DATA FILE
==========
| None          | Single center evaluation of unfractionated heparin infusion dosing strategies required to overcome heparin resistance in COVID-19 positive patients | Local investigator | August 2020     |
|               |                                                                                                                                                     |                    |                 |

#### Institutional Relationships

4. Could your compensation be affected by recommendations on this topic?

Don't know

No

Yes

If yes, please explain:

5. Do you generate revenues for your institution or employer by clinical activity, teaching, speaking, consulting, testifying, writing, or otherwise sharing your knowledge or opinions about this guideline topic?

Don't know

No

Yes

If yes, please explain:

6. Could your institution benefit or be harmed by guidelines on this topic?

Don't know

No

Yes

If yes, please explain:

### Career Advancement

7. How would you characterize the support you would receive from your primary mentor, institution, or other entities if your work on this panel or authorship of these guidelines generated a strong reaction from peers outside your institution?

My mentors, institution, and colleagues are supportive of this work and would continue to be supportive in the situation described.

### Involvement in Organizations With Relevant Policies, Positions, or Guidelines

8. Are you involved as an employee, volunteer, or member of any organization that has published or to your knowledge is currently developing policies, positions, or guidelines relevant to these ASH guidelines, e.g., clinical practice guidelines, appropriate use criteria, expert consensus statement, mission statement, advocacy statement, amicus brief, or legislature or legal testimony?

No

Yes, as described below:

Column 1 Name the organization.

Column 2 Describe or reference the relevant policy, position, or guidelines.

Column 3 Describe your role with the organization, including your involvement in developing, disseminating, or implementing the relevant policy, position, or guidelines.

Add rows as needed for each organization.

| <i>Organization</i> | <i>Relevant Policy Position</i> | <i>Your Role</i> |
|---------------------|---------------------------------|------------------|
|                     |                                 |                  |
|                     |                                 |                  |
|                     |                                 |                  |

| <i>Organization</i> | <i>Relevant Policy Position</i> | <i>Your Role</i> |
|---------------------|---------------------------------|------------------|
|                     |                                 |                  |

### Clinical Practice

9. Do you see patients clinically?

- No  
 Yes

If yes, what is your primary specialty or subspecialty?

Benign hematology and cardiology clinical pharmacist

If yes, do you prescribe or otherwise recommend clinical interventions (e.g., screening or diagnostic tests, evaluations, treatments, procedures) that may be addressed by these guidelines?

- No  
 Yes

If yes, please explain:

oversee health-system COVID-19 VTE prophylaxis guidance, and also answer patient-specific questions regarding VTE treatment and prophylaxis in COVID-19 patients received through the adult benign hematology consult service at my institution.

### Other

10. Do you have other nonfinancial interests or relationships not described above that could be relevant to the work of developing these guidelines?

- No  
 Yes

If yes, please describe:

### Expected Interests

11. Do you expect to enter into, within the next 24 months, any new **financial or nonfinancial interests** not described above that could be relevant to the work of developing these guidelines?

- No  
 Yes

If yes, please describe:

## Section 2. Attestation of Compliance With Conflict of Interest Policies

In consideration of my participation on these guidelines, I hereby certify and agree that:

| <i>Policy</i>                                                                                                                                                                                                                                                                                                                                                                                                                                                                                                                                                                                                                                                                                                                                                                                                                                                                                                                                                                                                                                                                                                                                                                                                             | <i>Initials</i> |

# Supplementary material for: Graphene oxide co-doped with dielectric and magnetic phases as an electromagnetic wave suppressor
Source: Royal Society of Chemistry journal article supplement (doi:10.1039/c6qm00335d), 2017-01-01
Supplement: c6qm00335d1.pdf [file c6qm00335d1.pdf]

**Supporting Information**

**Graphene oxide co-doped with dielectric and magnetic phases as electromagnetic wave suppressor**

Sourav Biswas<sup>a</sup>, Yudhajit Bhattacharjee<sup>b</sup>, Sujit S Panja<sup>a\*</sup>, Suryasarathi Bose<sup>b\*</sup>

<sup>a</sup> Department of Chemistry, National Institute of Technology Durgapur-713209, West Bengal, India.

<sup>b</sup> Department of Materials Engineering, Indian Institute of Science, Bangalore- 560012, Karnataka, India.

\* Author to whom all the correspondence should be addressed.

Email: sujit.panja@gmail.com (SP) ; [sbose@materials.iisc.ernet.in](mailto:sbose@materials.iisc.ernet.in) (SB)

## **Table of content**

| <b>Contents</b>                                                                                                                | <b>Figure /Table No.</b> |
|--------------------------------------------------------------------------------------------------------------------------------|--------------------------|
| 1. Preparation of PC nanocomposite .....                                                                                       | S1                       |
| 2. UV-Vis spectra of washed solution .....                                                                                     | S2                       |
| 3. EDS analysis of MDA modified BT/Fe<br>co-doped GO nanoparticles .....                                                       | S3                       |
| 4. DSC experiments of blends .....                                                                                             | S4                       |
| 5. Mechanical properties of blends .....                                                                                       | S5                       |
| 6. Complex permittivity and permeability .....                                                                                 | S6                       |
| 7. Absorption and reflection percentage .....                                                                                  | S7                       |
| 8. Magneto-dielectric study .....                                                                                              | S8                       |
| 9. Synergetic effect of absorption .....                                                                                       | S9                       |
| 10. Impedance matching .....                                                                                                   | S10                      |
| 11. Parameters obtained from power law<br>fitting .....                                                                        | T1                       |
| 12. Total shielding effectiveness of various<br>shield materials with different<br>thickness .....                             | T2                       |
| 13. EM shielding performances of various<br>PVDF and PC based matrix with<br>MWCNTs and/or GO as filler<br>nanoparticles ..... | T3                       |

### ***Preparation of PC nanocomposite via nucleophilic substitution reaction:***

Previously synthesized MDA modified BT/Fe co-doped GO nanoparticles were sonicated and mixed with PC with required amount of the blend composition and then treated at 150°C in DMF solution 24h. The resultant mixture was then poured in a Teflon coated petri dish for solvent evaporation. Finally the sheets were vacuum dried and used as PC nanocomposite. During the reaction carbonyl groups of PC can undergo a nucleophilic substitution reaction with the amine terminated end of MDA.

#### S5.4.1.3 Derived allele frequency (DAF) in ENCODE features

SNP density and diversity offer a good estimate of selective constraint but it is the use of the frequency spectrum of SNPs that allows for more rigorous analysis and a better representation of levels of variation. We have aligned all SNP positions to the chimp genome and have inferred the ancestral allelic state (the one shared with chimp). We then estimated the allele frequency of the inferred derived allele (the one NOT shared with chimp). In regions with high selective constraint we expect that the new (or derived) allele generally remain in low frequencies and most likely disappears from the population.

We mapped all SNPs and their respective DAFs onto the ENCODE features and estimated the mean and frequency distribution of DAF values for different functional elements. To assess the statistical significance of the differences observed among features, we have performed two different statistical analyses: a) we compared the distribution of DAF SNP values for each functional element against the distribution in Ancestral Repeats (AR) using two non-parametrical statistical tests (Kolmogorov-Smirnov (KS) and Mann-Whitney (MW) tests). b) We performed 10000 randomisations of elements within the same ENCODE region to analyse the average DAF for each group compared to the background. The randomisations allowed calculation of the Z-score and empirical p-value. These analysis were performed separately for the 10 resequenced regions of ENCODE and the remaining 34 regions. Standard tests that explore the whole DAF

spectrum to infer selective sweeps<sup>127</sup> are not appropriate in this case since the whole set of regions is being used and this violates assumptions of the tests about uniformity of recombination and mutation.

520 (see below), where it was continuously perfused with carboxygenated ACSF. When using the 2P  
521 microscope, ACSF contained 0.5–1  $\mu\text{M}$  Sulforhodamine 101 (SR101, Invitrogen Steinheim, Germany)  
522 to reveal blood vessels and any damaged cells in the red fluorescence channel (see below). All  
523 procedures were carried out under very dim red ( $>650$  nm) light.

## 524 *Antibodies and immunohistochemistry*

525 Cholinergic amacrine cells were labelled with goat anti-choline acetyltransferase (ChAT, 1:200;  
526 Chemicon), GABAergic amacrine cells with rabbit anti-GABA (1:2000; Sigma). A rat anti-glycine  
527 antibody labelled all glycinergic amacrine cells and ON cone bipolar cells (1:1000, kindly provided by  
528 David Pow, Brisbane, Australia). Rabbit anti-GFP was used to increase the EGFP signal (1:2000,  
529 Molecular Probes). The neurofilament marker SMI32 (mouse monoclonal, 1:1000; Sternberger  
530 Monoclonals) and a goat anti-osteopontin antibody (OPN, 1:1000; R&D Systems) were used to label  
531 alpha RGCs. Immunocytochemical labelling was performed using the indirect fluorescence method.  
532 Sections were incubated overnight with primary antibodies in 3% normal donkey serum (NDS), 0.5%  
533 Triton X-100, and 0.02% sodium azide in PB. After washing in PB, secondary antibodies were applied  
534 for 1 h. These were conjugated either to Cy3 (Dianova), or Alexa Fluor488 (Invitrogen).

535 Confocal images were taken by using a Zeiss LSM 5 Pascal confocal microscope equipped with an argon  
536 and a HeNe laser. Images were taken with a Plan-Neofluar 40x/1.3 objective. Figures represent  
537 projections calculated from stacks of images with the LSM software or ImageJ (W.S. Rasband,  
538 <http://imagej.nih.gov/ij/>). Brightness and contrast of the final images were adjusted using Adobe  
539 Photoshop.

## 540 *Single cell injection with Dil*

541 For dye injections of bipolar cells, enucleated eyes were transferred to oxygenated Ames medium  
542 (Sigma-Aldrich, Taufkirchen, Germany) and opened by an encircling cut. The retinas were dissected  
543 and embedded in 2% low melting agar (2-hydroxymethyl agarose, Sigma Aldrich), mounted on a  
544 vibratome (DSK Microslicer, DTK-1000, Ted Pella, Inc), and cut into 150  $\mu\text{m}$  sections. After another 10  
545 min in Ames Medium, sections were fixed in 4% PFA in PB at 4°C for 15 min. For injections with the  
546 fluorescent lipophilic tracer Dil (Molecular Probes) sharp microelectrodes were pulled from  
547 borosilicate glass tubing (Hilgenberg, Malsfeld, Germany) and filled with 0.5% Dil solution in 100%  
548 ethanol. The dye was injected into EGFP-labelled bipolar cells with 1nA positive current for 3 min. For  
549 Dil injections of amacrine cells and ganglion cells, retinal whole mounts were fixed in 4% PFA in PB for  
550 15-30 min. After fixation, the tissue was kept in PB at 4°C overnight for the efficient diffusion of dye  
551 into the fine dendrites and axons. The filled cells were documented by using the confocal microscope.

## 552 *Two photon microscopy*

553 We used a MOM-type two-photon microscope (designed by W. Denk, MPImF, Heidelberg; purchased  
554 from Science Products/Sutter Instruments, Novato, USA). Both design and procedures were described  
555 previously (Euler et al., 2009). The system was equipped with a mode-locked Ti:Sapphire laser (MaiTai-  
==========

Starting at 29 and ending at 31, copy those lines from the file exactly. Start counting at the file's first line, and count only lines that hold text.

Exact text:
Add rows as needed for each organization.

| <i>Organization</i> | <i>Relevant Policy Position</i> | <i>Your Role</i> |
|---------------------|---------------------------------|------------------|